Help: Why does an 89MB, 20 Minute Flash video Take up 1.19GB on a DVD?

Discussion in 'Digital Video' started by todd2000, Jan 12, 2011.

  1. todd2000 macrumors 68000

    Joined:
    Nov 14, 2005
    Location:
    Danville, VA
    #1
    So Im trying to burn some FLV files to DVD with Toast 10 to play in a DVD player. They are roughly 89MB a piece and about 20 min long, but each file is taking up about 1.19GB of space on the DVD. Seems kind of excessive. I have some other video files that are longer, and 3 times the size and they take up less then 1/2 the space. I tried converting the FLVs to MPEG, but that didn't help. Im kinda new to burning DVDs. Any ideas?

    I attached a screen shot with the info for one of the files:

    Thanks!
     

    Attached Files:

  2. simsaladimbamba

    Joined:
    Nov 28, 2010
    Location:
    located
    #2
    That is because most modern videos, distributed via file sharing or video viewing sites like YouTube, use an MPEG-4 codec variant like Dvix or Xvid or H264 or .x264 or ..., which is much more efficient than the MPEG-2 codec used for video DVDs, as MPEG-2 is older than MPEG-4.
    Video on video DVDs is bound to take more storage space than a downloaded .avi file with 700MB for 90 minutes of video, use the forum search to find dozens of similar threads. Or use MRoogle.
     
  3. jwheeler macrumors regular

    Joined:
    Jan 14, 2010
    #3
    I thought DVDs were just less compressed to make them easier to read.
     
  4. simsaladimbamba

    Joined:
    Nov 28, 2010
    Location:
    located
    #4
    MPEG-2 is not as CPU intensive as MPEG-4, if that is what you think. As the video DVD emerged in the 90s of the last century, decoding units were a lot slower than today, especially with entertainment utilities.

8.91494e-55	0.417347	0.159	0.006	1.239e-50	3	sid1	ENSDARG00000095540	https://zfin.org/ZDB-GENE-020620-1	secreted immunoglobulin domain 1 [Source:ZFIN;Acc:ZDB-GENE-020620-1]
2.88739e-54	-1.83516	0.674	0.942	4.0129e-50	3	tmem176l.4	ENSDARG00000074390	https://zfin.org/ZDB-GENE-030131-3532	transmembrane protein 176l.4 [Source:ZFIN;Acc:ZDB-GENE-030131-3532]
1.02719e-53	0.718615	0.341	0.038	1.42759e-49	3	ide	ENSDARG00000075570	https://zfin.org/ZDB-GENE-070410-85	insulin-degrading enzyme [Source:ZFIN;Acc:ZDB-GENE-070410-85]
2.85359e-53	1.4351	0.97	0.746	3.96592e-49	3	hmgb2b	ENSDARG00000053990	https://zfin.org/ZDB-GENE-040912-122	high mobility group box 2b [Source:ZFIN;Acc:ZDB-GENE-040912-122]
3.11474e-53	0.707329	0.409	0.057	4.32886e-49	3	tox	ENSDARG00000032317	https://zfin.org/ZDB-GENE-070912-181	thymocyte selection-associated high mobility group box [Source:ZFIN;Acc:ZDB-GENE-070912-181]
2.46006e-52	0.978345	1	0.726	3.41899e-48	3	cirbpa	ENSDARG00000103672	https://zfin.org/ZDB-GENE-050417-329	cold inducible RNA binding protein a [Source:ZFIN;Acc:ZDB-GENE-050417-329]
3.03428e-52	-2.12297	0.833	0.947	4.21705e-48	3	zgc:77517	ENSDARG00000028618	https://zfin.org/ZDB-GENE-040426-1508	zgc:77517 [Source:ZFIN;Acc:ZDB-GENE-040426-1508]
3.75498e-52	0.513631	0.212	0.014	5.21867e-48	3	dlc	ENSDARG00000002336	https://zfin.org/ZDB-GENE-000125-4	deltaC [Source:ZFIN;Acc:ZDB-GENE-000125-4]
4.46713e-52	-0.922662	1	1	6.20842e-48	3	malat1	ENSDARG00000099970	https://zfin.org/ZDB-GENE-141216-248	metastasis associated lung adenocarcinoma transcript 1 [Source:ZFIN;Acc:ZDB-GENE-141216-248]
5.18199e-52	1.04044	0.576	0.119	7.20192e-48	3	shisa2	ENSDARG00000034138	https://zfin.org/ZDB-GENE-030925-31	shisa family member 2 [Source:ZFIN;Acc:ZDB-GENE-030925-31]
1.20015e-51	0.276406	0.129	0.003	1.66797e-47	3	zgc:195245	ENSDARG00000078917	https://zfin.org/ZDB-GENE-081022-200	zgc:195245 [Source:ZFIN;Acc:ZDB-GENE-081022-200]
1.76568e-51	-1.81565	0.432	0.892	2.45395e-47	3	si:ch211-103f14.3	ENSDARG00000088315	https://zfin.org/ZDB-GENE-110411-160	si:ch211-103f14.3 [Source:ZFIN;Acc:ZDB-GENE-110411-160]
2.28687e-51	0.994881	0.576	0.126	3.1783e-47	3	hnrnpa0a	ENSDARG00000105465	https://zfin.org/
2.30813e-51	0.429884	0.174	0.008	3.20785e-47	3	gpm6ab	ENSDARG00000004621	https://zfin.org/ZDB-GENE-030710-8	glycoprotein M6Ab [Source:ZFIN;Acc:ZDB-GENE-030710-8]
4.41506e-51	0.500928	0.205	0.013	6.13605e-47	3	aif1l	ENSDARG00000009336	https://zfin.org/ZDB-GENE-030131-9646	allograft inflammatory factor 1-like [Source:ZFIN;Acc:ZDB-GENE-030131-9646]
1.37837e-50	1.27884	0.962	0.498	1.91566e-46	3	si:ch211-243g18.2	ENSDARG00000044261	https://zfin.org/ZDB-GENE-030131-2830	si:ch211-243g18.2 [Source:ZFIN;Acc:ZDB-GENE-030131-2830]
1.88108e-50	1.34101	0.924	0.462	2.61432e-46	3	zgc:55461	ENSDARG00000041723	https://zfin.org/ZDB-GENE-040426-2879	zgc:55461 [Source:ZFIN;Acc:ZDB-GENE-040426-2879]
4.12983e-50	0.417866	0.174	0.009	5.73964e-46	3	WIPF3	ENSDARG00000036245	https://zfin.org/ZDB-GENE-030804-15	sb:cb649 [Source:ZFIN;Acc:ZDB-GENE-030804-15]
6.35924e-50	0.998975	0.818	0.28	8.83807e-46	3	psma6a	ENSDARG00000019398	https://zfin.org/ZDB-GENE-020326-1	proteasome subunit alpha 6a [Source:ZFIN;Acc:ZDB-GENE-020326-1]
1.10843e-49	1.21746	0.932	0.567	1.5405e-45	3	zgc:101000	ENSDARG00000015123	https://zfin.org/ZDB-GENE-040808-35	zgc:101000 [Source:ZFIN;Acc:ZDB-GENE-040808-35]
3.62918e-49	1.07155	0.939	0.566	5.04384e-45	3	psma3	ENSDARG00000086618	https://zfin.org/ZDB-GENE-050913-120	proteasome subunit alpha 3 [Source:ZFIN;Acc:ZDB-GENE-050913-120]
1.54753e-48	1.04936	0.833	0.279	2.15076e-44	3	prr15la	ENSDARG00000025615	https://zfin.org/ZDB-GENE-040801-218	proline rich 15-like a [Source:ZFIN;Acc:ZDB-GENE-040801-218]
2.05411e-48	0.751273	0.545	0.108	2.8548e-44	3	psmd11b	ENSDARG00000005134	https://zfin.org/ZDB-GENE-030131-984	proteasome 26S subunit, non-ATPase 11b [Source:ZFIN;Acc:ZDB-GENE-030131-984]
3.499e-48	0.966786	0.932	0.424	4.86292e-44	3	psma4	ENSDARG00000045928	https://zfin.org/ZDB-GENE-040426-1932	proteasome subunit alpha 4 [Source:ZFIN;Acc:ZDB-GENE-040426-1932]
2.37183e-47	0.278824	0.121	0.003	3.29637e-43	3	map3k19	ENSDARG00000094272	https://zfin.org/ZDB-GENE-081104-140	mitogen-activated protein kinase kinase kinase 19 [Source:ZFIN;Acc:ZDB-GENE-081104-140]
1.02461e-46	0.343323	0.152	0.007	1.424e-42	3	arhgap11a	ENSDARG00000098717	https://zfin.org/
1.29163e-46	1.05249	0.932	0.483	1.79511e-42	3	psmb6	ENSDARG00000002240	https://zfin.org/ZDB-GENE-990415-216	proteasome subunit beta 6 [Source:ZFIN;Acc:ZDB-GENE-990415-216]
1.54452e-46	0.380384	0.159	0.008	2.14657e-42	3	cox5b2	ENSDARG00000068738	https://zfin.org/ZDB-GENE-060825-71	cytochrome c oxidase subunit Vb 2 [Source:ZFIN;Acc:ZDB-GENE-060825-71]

Otherwise, MPEG-2 is harder to read on Mac OS X, as you need the QT MPEG-2 PlayBack Component to open a video DVD in QT or even MPEG Streamclip, though one can open video DVDs easily in Handbrake or VLC Player, though if one wants to edit footage from a video DVD, it is quite "complicated" to get the proper format out of it.

    MPEG-4 is newer and much more CPU intensive, see AVCHD editing threads.
     
  5. -DH macrumors 65816

    Joined:
    Nov 28, 2006
    Location:
    Nashville Tennessee
    #5
    You thought wrong.

    -DH
     
  6. martinX macrumors 6502a

    martinX

    Joined:
    Aug 11, 2009
    Location:
    Australia
    #6
    A couple of general principles.

    • Increased data rate gives increased quality
    • Bigger frame size means bigger file size

    The first one is only half applicable to you. You are going from a very compressed file to a not as compressed one. Toast has no idea about the quality of your source file, it's just doing what it always does: makes a DVD of average MPEG2 bitrate that looks OK on a TV.

    If you were coming from a less compressed project, that'd be fine. You'd get a nice DVD at a comparatively reasonable size. However, you're going the other way so you're thinking "Why is this so?". To compound your confusion, you're going from a small frame size to a larger one which will also result in a bigger file size. Sad thing is, none of this will help your final result look any better.
     

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